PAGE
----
Central Data Catalog

Citation Information

Type Report
Title Research report on children’s independent migration from northeastern to central Ghana
Author(s)
Publication (Day/Month/Year) 2005
URL http://www.childmigration.net/files/hashim_05_child_mig_north_0408.pdf
Abstract
This report discusses the findings of research carried out in Ghana with independent child
migrants1 and the parents of child migrants. The research was carried out between May and
July of 2004 and aimed to build on research conducted with children in 2000-2001 in a farming
village in the north-east of Ghana (see Hashim 2004)2. One of the findings of the earlier
research was that relatively large numbers of children from the village were living and/or
working outside the village without their parents. For instance, at the time of a survey on
migration in March 2001 it was found that, out of a population of 447 children (257 boys and
190 girls3), some 77 children (41 girls and 36 boys) had migrated out of the village without their
parents. This represented 15% of the child population and half of the 96 households in the
village reported having a migrant child. Forty-eight children (18 boys and 30 girls) were also
living in the village away from their immediate family. A survey of under 18 year-olds found also
that a further 17 children (9 boys and 8 girls) had in the past been independent child migrants,
and of course this is likely to be much higher since only those under the age of 18 were
surveyed (ibid.).
In contrast to the manner in which independent child migration is generally presented in the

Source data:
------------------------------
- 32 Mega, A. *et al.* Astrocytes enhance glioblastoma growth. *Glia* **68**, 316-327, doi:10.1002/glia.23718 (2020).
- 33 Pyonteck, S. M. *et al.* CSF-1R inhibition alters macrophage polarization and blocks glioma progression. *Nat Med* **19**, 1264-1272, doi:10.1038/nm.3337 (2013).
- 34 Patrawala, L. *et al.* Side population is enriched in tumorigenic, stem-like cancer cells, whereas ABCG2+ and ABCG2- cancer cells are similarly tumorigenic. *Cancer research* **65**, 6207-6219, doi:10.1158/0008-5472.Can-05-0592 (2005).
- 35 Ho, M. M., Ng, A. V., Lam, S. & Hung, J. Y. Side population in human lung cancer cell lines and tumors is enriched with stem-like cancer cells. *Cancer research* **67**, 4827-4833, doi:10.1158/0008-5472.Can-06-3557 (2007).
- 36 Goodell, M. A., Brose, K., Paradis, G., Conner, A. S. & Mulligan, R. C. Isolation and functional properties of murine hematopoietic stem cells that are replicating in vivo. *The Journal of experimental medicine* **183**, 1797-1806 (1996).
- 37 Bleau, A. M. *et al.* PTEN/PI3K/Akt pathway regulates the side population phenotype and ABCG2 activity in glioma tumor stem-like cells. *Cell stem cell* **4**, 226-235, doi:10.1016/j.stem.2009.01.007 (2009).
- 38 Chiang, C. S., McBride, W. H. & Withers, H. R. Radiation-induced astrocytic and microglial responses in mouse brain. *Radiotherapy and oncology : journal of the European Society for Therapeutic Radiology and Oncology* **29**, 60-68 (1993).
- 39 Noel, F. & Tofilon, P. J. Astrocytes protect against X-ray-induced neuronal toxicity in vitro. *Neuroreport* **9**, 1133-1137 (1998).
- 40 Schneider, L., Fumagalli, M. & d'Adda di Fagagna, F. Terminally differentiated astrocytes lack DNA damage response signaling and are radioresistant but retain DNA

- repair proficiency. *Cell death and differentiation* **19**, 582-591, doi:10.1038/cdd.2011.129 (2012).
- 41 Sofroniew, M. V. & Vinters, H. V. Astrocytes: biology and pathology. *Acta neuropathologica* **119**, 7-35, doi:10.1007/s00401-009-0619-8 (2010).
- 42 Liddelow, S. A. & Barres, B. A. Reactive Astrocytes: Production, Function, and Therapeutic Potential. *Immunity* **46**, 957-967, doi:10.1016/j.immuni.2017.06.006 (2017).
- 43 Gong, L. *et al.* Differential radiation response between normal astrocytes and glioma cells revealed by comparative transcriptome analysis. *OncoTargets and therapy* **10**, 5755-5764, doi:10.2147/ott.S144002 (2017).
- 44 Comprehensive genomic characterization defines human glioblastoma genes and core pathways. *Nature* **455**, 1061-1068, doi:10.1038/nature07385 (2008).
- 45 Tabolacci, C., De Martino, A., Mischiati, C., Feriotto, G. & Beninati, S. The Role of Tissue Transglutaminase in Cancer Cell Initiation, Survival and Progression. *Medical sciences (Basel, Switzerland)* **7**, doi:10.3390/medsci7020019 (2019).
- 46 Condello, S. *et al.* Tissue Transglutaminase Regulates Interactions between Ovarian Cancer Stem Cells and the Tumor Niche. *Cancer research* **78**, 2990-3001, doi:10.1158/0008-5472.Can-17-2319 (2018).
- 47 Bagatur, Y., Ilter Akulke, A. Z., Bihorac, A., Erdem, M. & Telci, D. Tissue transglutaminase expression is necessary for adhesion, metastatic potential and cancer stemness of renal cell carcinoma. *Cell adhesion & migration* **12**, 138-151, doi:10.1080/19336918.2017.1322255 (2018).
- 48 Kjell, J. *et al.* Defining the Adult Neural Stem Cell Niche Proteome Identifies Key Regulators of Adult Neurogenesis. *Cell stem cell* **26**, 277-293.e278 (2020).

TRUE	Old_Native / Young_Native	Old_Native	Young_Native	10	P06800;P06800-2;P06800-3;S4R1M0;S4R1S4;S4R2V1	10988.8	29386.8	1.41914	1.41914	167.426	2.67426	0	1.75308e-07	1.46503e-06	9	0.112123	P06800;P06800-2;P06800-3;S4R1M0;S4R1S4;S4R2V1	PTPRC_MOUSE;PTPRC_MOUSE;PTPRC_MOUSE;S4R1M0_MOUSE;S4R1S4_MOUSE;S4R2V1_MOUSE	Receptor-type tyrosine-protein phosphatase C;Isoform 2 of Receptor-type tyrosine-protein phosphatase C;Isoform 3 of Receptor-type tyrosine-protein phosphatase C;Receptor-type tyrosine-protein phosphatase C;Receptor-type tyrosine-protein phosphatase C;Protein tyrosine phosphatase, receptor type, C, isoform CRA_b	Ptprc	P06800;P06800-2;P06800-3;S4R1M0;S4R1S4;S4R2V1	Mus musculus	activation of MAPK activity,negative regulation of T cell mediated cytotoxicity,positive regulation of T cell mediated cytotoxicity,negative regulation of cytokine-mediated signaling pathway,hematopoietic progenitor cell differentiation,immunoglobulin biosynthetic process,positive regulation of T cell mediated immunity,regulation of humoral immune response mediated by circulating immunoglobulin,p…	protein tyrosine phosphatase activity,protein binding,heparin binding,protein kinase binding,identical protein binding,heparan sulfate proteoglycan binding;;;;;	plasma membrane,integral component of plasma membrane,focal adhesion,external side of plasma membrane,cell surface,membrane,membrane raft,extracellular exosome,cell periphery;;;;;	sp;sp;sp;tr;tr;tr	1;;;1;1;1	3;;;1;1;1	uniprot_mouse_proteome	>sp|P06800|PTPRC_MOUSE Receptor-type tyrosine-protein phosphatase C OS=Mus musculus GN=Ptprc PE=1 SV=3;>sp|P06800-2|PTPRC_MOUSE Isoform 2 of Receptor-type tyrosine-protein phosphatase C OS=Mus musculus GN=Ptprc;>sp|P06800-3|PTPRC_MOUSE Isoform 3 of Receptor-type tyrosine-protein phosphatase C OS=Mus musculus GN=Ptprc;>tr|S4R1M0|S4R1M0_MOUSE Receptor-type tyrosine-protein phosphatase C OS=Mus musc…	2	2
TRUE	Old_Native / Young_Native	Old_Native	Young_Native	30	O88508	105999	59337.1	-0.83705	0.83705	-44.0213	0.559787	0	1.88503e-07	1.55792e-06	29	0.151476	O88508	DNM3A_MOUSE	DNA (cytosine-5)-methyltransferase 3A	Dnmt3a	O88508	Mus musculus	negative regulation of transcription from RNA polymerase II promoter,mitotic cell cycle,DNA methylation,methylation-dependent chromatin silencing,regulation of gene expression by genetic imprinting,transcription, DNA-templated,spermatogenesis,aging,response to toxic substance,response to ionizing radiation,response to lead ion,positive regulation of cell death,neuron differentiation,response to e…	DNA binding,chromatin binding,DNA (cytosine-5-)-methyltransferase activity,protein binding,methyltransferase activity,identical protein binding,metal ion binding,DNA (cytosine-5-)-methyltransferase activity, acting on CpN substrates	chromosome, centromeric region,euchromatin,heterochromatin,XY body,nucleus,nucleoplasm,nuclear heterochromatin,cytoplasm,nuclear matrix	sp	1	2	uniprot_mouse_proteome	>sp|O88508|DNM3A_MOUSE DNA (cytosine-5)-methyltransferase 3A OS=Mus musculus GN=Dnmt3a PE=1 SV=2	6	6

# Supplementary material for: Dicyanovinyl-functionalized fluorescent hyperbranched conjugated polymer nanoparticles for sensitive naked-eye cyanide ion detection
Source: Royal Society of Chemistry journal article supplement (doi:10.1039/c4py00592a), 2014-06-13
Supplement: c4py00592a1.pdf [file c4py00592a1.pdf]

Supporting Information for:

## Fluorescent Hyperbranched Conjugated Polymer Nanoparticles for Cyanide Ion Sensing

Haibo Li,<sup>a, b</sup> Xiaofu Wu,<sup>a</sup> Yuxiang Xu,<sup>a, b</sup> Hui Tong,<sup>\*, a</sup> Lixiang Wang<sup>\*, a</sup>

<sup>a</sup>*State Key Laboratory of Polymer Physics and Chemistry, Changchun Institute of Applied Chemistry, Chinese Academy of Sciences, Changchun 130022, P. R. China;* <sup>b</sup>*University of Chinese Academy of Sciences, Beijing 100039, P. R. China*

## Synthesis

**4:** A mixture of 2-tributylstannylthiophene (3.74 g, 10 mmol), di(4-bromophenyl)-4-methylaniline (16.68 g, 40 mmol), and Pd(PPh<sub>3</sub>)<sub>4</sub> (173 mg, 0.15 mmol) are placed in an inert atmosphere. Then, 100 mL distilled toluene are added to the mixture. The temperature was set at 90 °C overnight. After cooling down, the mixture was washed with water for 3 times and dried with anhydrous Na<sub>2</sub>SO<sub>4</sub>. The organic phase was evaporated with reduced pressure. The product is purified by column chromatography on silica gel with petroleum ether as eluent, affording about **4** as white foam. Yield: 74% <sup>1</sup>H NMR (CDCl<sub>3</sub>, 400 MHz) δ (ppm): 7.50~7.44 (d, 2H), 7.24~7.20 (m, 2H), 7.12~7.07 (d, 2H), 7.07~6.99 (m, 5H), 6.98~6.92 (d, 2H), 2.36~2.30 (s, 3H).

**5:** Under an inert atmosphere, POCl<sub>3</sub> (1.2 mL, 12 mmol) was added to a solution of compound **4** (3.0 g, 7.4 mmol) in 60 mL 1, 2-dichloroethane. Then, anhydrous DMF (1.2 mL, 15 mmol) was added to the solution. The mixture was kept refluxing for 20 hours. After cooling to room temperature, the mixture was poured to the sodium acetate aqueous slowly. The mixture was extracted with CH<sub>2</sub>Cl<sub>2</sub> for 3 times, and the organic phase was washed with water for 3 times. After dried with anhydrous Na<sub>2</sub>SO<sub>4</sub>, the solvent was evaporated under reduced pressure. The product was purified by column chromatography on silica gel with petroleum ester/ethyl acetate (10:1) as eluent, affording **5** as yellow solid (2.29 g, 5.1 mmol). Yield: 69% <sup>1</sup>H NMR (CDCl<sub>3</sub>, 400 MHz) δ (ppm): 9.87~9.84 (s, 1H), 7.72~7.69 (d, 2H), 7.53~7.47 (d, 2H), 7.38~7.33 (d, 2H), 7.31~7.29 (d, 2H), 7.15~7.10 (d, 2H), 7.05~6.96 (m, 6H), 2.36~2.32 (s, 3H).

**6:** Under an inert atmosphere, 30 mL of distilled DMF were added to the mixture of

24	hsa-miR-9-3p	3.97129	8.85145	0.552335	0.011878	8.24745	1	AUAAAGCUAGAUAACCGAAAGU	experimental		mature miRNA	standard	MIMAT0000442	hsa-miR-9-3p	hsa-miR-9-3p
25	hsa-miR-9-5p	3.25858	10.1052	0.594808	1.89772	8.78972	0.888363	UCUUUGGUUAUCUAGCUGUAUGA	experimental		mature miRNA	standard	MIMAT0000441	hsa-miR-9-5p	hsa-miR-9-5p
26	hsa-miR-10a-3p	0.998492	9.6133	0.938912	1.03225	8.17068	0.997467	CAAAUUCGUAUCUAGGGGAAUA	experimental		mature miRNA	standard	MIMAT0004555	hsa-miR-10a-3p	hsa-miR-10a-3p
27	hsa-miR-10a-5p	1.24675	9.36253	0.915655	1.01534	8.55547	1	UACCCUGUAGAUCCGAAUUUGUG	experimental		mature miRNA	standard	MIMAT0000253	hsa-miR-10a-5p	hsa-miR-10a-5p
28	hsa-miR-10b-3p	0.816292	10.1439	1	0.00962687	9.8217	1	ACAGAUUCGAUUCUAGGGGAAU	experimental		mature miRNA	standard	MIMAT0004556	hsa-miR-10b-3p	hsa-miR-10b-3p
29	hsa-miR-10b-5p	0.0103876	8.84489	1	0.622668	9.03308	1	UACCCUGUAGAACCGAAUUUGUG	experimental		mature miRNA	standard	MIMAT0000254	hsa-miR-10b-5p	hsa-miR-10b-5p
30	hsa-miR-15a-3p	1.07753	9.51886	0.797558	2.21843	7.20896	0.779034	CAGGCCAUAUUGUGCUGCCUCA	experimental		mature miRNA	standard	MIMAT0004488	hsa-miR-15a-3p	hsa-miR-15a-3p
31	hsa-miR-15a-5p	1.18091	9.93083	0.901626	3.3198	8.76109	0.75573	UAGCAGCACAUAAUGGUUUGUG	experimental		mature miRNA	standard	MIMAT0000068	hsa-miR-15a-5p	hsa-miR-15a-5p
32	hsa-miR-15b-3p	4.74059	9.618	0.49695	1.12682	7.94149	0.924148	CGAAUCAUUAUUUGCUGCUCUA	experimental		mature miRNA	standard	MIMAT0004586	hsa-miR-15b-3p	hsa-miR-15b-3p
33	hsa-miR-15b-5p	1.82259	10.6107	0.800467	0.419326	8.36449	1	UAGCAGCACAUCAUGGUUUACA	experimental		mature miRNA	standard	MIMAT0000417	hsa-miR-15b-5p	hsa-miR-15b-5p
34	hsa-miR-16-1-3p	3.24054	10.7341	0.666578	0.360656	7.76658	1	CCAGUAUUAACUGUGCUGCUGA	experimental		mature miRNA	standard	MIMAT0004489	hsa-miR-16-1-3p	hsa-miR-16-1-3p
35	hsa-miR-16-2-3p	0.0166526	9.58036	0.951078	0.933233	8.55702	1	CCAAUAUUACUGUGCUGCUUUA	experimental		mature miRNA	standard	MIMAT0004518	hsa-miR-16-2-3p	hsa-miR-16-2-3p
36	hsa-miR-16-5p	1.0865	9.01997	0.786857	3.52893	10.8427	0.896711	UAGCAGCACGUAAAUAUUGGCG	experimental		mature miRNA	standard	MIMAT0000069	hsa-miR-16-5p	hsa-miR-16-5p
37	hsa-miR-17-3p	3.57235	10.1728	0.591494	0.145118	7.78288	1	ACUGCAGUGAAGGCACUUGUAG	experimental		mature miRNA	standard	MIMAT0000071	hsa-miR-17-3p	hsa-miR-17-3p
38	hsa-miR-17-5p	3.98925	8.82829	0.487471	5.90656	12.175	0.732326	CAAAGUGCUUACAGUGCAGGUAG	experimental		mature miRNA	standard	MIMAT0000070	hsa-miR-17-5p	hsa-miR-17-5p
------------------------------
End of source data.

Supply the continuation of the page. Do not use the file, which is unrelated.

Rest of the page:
policy literature as primarily a negative phenomenon (either because it is the outcome of
disastrous situations, such as poverty, war and famine, or because it is assumed to result in the
increasing vulnerability of children to economic exploitation, dangerous working conditions or
abuse) (see Hashim 2003) the earlier research found that children were frequently positive
about their migratory experiences as this afforded them the opportunity to develop important
relationships or skills, and/or to earn an income over which they had a relative degree of
autonomy over (Hashim 2004). However, the issue of migration was an unexpected outcome of
the initial fieldwork. As a result only some children who had migrated into the village and some
of those who had returned were interviewed in 2000-2001. The purpose of this research was to
build on what was found then in two ways. Firstly, the aim was to explore in greater detail the
nature of the processes involved in migration.

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